Mastery in Practice

This month, our Mathematics Consultant Caroline Clissold explains what mastery means in practice. 

Since the visit made by a group of teachers from the Maths Hub programme to schools in Shanghai and return visits from teachers in Shanghai in November of last year and February/March of this year, we have learned a lot about teaching mathematics in order that children can master each concept that they are taught. You might like to read this blog written by the director of NCETM or the NCETM page on teaching for mastery.

So, just as a reminder, what is mastery? If you drive a car, imagine the process you went through…

  • The very first drive, lacking the knowledge of what to do to get moving
  • The practice, gaining confidence that you are able to drive
  • The driving test, fairly competent but maybe not fully confident
  • A few years on, it’s automatic, you don’t have to think about how to change gears or use the brake
  • Later still, you could teach someone else how to drive

However not all of us know exactly how the car actually works!

Learning mathematical concepts is similar but it also involves knowing how and why it all works. It involves deep and sustainable learning, the ability to build on something already mastered and the ability to reason about a concept and make connections to other concepts.

Mastery is a continuum… mastery at a particular point of time that is sufficient mastery for that stage of learning and then built on at a later stage.

Here’s what it means in practice, and some points to consider when designing a mastery curriculum.

  • There is an expectation that all pupils are capable of achieving high standards through whole class teaching. This has implications for class groupings. These days the view is that mixed attainment groupings work best. How do you group your class? We often have preconceived ideas about which children have more or less potential. We need to think carefully about:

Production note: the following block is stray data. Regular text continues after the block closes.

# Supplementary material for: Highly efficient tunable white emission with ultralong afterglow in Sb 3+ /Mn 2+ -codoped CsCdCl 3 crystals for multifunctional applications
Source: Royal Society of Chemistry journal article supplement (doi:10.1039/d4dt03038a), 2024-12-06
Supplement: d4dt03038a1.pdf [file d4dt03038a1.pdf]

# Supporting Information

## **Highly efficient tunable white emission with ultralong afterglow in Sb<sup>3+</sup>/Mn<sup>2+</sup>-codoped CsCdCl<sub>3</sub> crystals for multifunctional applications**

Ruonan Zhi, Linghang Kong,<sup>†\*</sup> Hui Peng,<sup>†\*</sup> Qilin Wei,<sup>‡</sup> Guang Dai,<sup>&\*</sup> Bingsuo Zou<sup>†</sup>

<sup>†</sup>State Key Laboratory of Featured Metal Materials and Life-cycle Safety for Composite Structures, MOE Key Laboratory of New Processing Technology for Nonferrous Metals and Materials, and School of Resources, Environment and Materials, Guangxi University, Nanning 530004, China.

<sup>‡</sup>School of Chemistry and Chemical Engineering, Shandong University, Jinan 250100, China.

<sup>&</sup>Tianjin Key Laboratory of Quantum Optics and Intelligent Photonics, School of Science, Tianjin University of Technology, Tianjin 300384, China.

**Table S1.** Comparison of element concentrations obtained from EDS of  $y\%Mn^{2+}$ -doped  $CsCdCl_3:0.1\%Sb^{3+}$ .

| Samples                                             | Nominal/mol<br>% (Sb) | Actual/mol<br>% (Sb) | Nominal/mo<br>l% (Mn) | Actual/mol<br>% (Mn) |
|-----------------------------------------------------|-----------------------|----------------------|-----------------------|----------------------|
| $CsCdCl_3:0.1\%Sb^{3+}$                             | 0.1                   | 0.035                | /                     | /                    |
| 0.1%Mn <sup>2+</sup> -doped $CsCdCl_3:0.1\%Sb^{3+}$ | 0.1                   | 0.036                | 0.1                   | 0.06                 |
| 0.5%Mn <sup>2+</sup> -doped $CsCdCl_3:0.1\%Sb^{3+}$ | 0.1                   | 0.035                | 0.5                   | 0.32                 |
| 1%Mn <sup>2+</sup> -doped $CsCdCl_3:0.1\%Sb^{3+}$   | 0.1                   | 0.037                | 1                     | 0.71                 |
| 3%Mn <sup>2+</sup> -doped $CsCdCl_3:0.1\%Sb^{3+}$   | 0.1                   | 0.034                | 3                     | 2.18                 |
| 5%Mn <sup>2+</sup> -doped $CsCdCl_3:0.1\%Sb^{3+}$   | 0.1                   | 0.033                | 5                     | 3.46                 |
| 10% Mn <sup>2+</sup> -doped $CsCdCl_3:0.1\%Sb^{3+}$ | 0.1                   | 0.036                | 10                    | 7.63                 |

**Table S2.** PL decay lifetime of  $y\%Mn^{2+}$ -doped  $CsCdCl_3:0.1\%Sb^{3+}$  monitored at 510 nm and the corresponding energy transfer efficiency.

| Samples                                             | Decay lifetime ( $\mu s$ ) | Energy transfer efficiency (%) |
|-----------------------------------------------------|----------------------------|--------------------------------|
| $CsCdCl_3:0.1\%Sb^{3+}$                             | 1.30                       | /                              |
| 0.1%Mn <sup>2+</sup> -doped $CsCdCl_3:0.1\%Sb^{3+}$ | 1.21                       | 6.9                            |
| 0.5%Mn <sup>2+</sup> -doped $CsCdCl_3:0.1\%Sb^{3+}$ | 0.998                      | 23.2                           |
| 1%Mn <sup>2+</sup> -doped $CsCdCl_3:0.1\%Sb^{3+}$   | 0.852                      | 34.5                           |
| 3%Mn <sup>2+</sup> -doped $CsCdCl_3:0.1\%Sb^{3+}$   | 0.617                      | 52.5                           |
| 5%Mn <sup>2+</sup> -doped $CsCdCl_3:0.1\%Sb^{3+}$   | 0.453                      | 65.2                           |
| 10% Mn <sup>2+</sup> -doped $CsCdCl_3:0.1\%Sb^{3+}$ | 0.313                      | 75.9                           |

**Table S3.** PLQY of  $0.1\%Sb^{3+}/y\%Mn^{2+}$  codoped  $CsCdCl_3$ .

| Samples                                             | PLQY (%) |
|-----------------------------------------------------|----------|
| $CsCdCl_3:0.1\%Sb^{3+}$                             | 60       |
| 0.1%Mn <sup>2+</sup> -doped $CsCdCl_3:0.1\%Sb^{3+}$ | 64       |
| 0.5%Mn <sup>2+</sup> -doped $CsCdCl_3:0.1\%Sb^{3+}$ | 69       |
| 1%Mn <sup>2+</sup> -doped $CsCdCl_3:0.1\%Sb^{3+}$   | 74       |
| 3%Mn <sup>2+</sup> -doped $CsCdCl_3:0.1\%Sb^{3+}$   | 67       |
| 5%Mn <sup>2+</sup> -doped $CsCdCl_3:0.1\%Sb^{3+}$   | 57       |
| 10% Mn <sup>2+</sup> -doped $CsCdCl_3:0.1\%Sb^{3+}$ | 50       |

• How to support children who find a concept difficult
    • How to challenge children who find it more accessible
    • Observing and questioning the children during the lesson
    • Making generalised assumptions about overall ability
  • Differentiation is achieved by emphasising deep knowledge and through individual support and intervention. The children need to be enabled to access what is being taught. How are interventions run at your school? Are they recapping, rehearsing or learning what was taught in the lesson or doing something else? Current thinking recommends that interventions work on what was taught in the lesson.
  • Questioning and scaffolding should vary and misconceptions should be dealt with immediately.
  • Fluency needs to be developed. This comes from deep knowledge and practice. The ability to recall facts and manipulate them to work out other facts is important.

Practice makes perfect - so we need to spend longer on key concepts. We need to give the children the chance to practice, but this practice needs to be intelligent. Intelligent practice involves:

  • Basic (bare or decontextualised) practice of the concept taught
  • Practice within different contexts, for example in length, mass, capacity, volume, area, perimeter, money and time
  • Practice which gives opportunities to develop fluency
  • Extended practice which goes deeper… and deeper
  • Practice to spot relationships and make connections
  • Practice to deepen conceptual understanding
  • Practice through problem solving, the children should have different problems to solve, higher attainers need to be given complex problems which deepen their knowledge of the same content.

 

Some things to think about! Get back to us if you have any thoughts.

 

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Assessment, CPD, English and Literacy, Grammar, Spelling and Punctuation, Mathematical Vocabulary eBook, Mathematics, Pupil Premium, Reading and Ebooks, Rising Stars Mathematics

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